2008 – 14 fiche. ISBN 978-0-88844-931-1 $29.95
Order from the Pontifical Institute of Mediaeval Studies (PIMS)
This eighth fascicle of the Dictionary of Old English, the letter G, consists of 1,319 headwords in 3,454 pages, on microfiche. The material on which G is based represents a fresh look at all surviving Old English (except some multiple copies of texts), an estimated four million running words.
The publication of the first online version of the Dictionary of Old English: A to G occurred in December 2007, followed in April 2008 by the Dictionary of Old English: A to G on CD-ROM. This present publication of G on microfiche is intended for those scholars who, for various reasons, are not able to use the electronic DOE. Although microfiche publication presents a static dictionary rather than a dynamic text, at the very least it allows the dissemination of new research to colleagues and students engaged in the study of Old English, sometimes under very challenging circumstances.
The introductory fiches present an updated bibliography of the Old English texts which comprise the Dictionary of Old English Corpus, alphabetized by Short Title, together with their system of reference. We have also included an updated bibliography of the Latin source material cited in the Dictionary of Old English. The list of Latin sources is ordered by author for named texts and by Short Title for anonymous texts. These bibliographies supersede all previous bibliographies issued by the project.
As with the letter F, the publication of G on microfiche went directly from electronic files to microfiche without the production of a paper copy as an intermediary stage. As all checking was done interactively at terminals, there was an enormous saving of time. We hope to have caught as many errors as possible, but we would be grateful to receive notice of any remaining errors or anomalies. Please write to firstname.lastname@example.org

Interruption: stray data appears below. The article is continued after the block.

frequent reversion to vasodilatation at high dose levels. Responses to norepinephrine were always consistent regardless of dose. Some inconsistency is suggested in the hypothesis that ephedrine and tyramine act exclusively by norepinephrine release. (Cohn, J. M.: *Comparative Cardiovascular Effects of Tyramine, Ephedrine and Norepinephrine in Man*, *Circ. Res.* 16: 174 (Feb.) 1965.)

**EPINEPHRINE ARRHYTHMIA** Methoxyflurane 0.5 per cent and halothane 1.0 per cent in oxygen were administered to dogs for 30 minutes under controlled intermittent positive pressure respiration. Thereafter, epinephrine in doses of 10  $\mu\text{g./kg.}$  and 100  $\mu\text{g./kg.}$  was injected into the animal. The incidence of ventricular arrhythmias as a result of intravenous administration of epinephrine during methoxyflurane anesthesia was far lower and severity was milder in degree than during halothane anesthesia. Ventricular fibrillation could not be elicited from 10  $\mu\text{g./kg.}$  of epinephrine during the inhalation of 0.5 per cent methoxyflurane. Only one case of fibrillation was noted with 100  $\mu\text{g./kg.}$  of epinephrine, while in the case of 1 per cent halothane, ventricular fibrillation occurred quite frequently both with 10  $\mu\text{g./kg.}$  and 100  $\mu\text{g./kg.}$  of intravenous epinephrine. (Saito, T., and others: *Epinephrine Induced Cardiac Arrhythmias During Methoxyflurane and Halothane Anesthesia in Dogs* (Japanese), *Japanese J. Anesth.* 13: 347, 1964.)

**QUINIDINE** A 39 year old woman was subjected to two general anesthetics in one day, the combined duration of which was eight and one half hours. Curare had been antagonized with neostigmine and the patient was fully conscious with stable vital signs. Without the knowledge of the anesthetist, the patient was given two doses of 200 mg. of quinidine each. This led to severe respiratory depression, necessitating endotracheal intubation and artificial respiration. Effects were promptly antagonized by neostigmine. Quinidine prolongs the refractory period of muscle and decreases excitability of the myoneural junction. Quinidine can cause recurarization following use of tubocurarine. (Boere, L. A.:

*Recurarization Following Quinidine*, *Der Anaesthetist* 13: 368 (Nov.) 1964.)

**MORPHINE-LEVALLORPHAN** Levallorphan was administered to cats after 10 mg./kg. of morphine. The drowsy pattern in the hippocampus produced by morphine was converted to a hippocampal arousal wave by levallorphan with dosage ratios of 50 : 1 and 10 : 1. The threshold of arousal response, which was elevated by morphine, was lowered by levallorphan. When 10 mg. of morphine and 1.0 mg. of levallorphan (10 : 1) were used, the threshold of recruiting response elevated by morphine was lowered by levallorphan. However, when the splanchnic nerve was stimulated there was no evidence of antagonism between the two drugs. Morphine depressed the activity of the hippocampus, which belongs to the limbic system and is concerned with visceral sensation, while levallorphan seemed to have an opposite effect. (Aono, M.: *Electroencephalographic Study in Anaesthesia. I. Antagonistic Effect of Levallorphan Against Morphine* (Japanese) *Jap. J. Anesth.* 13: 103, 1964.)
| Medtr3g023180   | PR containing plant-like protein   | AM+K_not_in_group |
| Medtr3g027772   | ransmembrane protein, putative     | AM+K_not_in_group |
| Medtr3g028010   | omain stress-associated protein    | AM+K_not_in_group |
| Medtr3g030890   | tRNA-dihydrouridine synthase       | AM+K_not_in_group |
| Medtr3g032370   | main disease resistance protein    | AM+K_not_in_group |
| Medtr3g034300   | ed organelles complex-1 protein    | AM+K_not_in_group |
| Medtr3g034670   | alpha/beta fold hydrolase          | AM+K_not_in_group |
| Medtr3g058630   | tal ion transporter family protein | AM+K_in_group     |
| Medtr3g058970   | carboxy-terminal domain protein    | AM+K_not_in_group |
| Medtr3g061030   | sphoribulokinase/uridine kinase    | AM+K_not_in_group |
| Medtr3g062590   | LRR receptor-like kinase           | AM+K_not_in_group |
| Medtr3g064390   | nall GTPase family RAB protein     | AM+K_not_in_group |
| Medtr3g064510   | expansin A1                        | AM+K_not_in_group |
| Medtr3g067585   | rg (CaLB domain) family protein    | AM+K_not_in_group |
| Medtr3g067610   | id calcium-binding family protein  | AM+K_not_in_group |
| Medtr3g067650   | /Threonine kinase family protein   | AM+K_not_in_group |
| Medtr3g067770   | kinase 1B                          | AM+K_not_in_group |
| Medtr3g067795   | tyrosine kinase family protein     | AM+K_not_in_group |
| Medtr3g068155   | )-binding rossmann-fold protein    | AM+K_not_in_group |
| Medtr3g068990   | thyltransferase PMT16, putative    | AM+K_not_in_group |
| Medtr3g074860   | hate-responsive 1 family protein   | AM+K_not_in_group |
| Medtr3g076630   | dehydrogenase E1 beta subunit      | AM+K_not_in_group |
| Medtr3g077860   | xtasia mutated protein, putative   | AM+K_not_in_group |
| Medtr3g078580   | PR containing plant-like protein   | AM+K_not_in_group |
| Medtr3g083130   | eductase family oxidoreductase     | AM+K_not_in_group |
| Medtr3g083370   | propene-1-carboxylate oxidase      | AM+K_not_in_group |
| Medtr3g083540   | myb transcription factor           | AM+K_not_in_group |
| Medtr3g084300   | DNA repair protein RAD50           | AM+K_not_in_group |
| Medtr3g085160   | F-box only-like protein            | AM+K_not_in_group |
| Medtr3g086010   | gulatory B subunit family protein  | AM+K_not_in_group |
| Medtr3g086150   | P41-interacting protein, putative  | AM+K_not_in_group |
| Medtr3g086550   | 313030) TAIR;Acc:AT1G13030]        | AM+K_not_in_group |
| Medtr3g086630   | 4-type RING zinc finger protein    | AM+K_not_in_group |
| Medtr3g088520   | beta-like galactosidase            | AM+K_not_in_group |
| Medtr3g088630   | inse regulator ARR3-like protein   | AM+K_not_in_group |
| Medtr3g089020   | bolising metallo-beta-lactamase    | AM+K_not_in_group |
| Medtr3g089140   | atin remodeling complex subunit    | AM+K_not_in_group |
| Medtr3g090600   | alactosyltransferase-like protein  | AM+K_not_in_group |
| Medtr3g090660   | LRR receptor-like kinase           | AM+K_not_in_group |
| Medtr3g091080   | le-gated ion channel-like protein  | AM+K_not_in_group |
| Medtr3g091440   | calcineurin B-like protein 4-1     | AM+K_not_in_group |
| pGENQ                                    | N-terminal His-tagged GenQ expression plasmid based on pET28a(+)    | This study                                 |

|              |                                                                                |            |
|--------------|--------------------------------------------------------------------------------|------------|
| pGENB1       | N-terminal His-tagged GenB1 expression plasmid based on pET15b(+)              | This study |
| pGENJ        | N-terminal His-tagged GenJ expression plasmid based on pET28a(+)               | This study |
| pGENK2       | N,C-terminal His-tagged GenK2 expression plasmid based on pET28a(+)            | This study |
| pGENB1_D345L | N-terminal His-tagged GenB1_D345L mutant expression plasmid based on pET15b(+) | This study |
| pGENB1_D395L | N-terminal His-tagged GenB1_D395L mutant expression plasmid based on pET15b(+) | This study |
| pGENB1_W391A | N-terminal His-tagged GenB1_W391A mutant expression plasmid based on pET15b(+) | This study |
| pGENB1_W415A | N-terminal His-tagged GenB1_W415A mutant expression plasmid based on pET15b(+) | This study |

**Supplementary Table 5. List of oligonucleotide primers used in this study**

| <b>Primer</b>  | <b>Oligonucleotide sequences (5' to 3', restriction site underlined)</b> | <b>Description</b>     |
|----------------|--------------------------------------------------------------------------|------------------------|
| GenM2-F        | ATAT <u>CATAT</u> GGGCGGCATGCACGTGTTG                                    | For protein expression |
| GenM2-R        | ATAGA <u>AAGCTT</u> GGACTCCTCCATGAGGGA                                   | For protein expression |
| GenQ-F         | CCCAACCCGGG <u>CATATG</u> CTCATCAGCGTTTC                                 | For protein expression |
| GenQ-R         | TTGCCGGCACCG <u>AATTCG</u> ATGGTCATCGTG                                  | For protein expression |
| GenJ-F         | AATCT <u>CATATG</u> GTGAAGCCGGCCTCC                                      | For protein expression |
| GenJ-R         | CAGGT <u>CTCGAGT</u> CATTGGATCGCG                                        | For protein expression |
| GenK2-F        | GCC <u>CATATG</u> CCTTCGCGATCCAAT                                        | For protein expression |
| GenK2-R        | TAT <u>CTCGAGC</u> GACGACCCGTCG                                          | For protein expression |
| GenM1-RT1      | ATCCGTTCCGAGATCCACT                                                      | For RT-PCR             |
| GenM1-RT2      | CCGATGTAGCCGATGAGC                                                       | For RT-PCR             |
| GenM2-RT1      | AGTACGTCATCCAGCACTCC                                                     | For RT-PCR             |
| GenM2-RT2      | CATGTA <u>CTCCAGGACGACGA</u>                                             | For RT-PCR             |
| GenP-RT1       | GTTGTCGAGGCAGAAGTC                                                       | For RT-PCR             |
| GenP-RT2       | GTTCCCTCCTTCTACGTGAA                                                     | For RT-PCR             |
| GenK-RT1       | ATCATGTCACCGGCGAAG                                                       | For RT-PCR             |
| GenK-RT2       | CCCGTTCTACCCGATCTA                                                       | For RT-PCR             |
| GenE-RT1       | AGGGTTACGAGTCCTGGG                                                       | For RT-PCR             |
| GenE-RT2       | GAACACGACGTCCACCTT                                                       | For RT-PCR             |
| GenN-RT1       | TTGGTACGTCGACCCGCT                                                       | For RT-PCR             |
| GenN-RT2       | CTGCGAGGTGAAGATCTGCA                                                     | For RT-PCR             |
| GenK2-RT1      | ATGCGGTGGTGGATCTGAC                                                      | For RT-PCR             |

The Dictionary of Old English provides an inventory and description of the English language from its earliest appearance in written records, ca. 600. It is intended to complement the Oxford English Dictionary for the earliest period of the language; indeed, the Dictionary of Old English will catalogue the Old English vocabulary deliberately excluded from the OED because it failed to survive past 1150.
The Dictionary draws on as wide a range of texts — in date, dialect and genre — as possible. It differs from previous dictionaries in several important features: a listing in a simplified paradigmatic order of every spelling which is attested for a word in the Electronic Corpus; frequency counts for each word in the Corpus so that readers can know what proportion of the evidence has been cited; usage labels where they are statistically significant, noting restrictions to a class of texts, to an author, or to a particular period or dialect; exhaustive citation for all words of twelve or fewer occurrences.
Fascicle G was prepared by Antonette diPaolo Healey, Joan Holland, Dorothy Haines, David McDougall, and Ian McDougall, with the assistance of Nancy Speirs and Pauline Thompson, using materials assembled by the late Angus Cameron.